Arranged topically rather than strictly chronologically, this book provides the broad strokes of the art. If you’re looking for a history of the franchise, you won’t find it here. And while The Art of He-Man and the Masters of the Universe isn’t comprehensive on any of its subjects, it does provide a representative sampling of everything.
The first two chapters cover the classic toy line, and the Mattel design memos and proto-versions of the characters are some of the most interesting parts of the entire book (How about that unproduced “Ball Buster” vehicle? Man, I miss the ’80s). There’s plenty of art here that was featured on the toy packaging, but no pictures of the toys in the packages or in the stores, so if you were hoping for that, caveat emptor.
Chapter 3 covers the minicomics. If, like me, you still have all yours, this section might not do a whole lot for you (and remember the minicomic collection is coming out in November). I don’t mean to nitpick, but there’s a pretty glaring error on p. 73, where a page from “The Search for Keldor” has a caption about “The Ultimate Battleground.”
From there, the book moves to Filmation, where the highlights are the storyboards and some interesting developmental designs for She-Ra (who has token representation throughout the book) and Hordak. It also comes with a little He-Man/Skeletor cel you can take out, which is cool.
Chapter 5 encompasses the ’80s comics, books, and magazines. There’s a fantastic collection of Earl Norem’s amazing paintings here, plus some pages from the unreleased Star #14, where He-Man’s wearing the Dolph costume and “Grayskull” is misspelled.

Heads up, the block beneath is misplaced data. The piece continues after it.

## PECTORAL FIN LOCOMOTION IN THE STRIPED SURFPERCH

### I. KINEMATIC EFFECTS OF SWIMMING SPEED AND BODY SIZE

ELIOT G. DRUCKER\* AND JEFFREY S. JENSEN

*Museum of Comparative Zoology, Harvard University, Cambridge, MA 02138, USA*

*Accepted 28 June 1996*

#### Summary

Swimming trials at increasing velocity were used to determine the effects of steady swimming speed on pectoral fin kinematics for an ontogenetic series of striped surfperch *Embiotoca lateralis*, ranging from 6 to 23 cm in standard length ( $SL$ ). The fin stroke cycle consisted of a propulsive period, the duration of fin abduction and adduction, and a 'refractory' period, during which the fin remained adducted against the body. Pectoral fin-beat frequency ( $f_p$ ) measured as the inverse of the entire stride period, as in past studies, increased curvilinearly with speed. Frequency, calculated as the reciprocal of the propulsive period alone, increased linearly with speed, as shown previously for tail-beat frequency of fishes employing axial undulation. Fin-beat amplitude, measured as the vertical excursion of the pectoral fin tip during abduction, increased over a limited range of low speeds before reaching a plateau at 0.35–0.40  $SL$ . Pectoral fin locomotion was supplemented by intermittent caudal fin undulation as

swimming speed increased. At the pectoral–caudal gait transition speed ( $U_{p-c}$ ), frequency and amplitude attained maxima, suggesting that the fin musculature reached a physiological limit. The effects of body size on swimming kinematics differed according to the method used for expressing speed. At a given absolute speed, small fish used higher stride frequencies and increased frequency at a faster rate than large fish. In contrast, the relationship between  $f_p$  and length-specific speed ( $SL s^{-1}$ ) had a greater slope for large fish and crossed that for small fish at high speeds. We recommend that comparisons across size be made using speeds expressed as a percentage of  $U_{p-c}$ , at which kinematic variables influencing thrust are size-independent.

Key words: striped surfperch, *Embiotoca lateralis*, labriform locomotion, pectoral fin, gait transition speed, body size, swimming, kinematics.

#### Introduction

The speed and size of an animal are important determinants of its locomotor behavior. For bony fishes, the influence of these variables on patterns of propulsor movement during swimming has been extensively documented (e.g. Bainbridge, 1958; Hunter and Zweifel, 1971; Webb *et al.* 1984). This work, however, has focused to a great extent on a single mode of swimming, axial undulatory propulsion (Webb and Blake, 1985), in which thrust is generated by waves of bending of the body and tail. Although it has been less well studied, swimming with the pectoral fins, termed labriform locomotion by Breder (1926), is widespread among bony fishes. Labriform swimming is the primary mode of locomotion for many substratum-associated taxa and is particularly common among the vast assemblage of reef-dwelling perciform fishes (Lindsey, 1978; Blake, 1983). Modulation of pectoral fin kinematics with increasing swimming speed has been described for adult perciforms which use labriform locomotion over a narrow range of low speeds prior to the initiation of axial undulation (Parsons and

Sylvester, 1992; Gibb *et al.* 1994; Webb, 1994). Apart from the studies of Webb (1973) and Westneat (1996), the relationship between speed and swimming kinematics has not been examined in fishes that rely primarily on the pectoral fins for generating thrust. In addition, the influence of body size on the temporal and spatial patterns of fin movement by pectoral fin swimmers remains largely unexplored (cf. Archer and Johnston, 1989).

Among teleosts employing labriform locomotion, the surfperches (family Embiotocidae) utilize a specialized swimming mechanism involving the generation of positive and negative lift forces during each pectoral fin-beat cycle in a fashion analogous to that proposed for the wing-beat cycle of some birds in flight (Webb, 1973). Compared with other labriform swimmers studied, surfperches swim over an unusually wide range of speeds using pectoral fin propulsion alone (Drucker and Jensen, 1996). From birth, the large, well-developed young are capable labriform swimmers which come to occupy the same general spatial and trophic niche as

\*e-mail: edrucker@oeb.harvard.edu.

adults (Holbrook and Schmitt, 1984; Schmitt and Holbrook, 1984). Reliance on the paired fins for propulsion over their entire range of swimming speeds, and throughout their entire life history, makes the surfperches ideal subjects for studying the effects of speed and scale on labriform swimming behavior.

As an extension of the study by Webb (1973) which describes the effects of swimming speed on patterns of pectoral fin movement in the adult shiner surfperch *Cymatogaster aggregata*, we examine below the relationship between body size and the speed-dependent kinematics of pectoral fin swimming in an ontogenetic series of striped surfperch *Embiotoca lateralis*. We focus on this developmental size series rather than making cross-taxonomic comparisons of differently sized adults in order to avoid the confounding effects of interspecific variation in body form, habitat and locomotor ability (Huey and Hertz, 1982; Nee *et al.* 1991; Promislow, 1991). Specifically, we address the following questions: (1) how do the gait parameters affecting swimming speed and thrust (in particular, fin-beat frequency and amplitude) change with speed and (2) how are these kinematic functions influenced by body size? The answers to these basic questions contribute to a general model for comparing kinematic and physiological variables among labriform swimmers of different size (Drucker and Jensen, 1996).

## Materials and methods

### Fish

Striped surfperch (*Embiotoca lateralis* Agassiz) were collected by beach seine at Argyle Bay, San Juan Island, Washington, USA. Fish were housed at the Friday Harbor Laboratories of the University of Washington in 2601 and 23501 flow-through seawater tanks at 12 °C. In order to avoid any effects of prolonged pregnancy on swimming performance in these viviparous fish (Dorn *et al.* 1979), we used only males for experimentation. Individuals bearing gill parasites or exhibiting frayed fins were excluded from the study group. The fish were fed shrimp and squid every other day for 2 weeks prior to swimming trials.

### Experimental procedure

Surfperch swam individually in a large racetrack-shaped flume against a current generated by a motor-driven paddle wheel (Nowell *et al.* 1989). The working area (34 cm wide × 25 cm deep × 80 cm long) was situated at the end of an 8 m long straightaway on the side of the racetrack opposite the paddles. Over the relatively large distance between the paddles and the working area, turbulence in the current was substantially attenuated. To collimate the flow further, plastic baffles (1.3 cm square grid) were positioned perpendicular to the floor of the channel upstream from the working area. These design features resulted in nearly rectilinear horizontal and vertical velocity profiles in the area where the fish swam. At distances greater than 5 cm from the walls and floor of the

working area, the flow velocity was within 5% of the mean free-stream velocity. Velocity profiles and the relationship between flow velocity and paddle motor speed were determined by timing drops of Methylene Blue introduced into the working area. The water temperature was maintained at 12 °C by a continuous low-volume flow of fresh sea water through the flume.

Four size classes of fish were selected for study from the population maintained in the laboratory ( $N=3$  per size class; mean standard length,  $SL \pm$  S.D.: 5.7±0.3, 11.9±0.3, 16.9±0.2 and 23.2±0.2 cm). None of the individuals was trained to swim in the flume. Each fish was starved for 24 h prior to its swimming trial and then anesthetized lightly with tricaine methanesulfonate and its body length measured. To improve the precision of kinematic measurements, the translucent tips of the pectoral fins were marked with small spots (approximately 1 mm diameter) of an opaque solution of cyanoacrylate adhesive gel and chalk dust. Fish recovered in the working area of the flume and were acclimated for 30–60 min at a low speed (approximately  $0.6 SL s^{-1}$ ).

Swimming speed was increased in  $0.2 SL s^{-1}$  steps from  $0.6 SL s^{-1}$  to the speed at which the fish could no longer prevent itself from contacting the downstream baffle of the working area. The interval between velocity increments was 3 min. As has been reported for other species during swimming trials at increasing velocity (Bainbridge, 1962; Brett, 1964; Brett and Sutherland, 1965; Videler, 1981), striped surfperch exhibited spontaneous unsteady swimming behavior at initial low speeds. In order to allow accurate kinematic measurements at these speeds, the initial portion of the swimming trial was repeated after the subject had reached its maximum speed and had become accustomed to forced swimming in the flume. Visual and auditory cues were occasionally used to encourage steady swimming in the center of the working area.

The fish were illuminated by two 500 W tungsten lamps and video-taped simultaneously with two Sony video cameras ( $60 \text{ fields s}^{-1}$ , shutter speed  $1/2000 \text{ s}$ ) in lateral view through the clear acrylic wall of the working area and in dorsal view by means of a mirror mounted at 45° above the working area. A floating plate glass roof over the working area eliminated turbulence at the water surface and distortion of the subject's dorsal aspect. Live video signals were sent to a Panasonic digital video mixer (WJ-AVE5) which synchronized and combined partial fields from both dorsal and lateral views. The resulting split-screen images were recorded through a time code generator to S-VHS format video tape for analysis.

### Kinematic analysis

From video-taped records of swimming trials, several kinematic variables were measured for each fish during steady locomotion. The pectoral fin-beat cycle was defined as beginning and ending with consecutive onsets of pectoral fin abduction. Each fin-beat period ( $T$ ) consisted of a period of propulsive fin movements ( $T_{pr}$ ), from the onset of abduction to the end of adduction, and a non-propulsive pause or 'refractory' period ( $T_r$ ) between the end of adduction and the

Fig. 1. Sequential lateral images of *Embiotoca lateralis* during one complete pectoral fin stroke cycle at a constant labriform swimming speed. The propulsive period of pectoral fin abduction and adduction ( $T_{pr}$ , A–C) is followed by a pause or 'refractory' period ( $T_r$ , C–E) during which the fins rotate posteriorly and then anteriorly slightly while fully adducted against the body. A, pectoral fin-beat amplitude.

The most notable part of Chapter 6, which covers the live-action movie, is the design concepts by Ralph McQuarrie (of Star Wars fame). I’ve complained about William Stout’s designs for the movie, but holy smokes, this McQuarrie stuff is horrendous. Remember kids, no matter how bad things get, it could always be worse!
Chapter 7 covers New Adventures. Boo. The amazing, horrific highlight here is that before NA was produced, there was a “military pitch called H.E.M.A.N.” where He-Man “joined the US Army.” Remember, kids, it could always be worse!
The book moves on to cover the 200X series, featuring a lot of art you’re probably familiar with plus designs for new characters that weren’t used (none of them were missed), and then to MOTU Classics. This latter chapter feels less about the art and more about shilling the figures, although it redeems itself somewhat with the maps and diagrams.
The last chapter briefly covers the He-Man app game, He-Man’s Facebook page (the two most wasted pages in the book), and the current run of DC comics. It concludes with some techy and off-putting designs of indeterminate purpose (New New Adventures, anybody?), including a Battle Cat who can change into a person. Remember, kids, it can always get worse!
The book also includes a number of interviews interspersed throughout. Some are interesting, but others are just not good (minicomic writer Steven Grant: “I didn’t pay attention, I didn’t think about it, I don’t know, I can’t remember”).
In all, I could have done with more ’80s stuff and less new stuff (it’s about a 2:1 ratio as it stands), but you can’t please everybody, and I really can’t complain too much. And while there’s a little too much marketing and pandering at times in the last 100 pages, this is a very impressive collection.
Unless you’re the most hardcore of collectors, there’s likely a decent amount of stuff here that you haven’t seen before, and both the familiar and the unfamiliar make The Art of He-Man and the Masters of the Universe well worthwhile for anyone who still holds a passion for He-Man.
Most Recent Customer Reviews
I was born in the 80's and as such, my favorite thing in the world was watching Saturday morning cartoons.Read more